Study: What Errors Do Beginners Make Learning HTML and CSS?

Louis Lazaris

At the end of March, Paul Irish tweeted about an academic paper called “Towards a Taxonomy of Errors in HTML and CSS” (PDF), which is a study that was conducted in 2013 at Drexel University in Philadelphia, PA, USA.

Although the study is now a couple of years old, Paul’s tweet gave the study a lot more industry-related attention. In this post, I thought it would be interesting to take a closer look at the study’s findings with some details on the methods used. I’ll also let you know what progress has been made since the study was conducted and how this can help beginners learning HTML and CSS.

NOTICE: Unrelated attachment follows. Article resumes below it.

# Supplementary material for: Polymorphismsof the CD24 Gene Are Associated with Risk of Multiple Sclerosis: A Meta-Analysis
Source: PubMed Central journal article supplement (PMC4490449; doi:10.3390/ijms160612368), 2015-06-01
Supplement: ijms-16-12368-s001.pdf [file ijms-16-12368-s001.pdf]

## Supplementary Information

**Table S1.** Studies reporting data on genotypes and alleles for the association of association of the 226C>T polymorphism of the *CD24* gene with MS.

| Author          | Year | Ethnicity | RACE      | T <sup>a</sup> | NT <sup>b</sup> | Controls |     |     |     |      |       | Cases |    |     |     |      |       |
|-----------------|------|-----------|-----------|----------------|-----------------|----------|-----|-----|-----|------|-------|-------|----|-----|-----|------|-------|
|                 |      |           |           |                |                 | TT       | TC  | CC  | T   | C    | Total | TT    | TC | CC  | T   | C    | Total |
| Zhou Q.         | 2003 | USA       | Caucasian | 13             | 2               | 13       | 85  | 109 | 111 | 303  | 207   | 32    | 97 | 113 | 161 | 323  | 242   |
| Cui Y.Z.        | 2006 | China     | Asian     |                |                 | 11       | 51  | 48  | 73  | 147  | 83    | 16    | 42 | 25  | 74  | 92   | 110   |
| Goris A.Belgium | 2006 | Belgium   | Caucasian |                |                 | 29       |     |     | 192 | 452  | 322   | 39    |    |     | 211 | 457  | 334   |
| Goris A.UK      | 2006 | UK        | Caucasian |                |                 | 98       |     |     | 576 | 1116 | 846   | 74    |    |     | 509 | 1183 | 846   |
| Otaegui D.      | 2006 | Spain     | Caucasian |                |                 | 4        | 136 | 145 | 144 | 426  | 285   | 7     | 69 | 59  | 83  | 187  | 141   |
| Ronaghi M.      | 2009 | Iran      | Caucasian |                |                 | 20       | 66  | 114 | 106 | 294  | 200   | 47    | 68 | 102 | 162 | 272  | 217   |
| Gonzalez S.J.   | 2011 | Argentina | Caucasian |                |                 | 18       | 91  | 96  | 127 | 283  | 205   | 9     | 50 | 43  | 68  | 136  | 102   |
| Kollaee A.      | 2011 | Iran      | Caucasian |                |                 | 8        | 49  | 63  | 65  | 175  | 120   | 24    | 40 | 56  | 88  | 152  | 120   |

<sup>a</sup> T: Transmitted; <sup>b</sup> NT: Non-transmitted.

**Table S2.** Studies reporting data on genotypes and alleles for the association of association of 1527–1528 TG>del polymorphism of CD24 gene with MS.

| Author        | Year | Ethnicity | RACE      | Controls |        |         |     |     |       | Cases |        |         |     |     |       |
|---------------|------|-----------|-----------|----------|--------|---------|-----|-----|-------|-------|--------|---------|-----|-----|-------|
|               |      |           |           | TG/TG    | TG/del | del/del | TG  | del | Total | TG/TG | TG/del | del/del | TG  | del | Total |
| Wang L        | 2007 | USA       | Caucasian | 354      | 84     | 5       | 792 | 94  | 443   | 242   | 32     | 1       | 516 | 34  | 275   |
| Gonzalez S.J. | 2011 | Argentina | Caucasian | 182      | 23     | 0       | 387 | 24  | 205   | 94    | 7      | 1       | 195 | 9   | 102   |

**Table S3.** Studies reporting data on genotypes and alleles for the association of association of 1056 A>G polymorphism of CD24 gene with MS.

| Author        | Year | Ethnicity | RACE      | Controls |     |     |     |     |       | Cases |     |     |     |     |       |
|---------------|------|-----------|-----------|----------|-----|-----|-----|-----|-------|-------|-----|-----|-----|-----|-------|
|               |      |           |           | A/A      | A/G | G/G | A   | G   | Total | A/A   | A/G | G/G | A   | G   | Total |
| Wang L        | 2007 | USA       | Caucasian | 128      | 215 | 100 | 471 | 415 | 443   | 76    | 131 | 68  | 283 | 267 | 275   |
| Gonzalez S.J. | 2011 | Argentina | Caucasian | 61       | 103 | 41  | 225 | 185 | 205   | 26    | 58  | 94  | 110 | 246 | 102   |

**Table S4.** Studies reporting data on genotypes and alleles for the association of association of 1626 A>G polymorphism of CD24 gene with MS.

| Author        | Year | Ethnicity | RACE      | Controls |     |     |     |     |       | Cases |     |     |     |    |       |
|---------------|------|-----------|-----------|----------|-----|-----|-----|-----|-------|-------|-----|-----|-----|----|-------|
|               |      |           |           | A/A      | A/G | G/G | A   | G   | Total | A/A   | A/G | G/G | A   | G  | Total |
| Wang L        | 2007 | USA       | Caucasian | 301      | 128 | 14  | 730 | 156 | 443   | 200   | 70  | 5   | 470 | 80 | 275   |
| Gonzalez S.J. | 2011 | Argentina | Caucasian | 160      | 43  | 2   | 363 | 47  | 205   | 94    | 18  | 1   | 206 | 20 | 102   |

The Study’s Participants and Methods

We all know typos and syntax misunderstandings are a part of the learning process for all of us, so it’s always interesting to see what kinds of mistakes different developers are making.

This study was not an extensive one, but was done similar to how a company might do usability testing. In this case, 20 participants were video recorded as they completed assigned coding tasks (more on the tasks in a moment) using what they call a “think-aloud protocol”, which encourages participants to vocalize their thought processes while completing tasks.

Although the study was limited to 20 participants, the individuals had differing levels of experience in HTML and CSS. The study also claims to “not exclude any background or profession”, so we can appreciate that they tried to ensure that a very diverse group took part.

The 20 participants were 7 females and 13 males, ranging in age from 18 to 47. It’s also noteworthy that only 2 participants indicated that web design is their profession.

The Purpose of the Study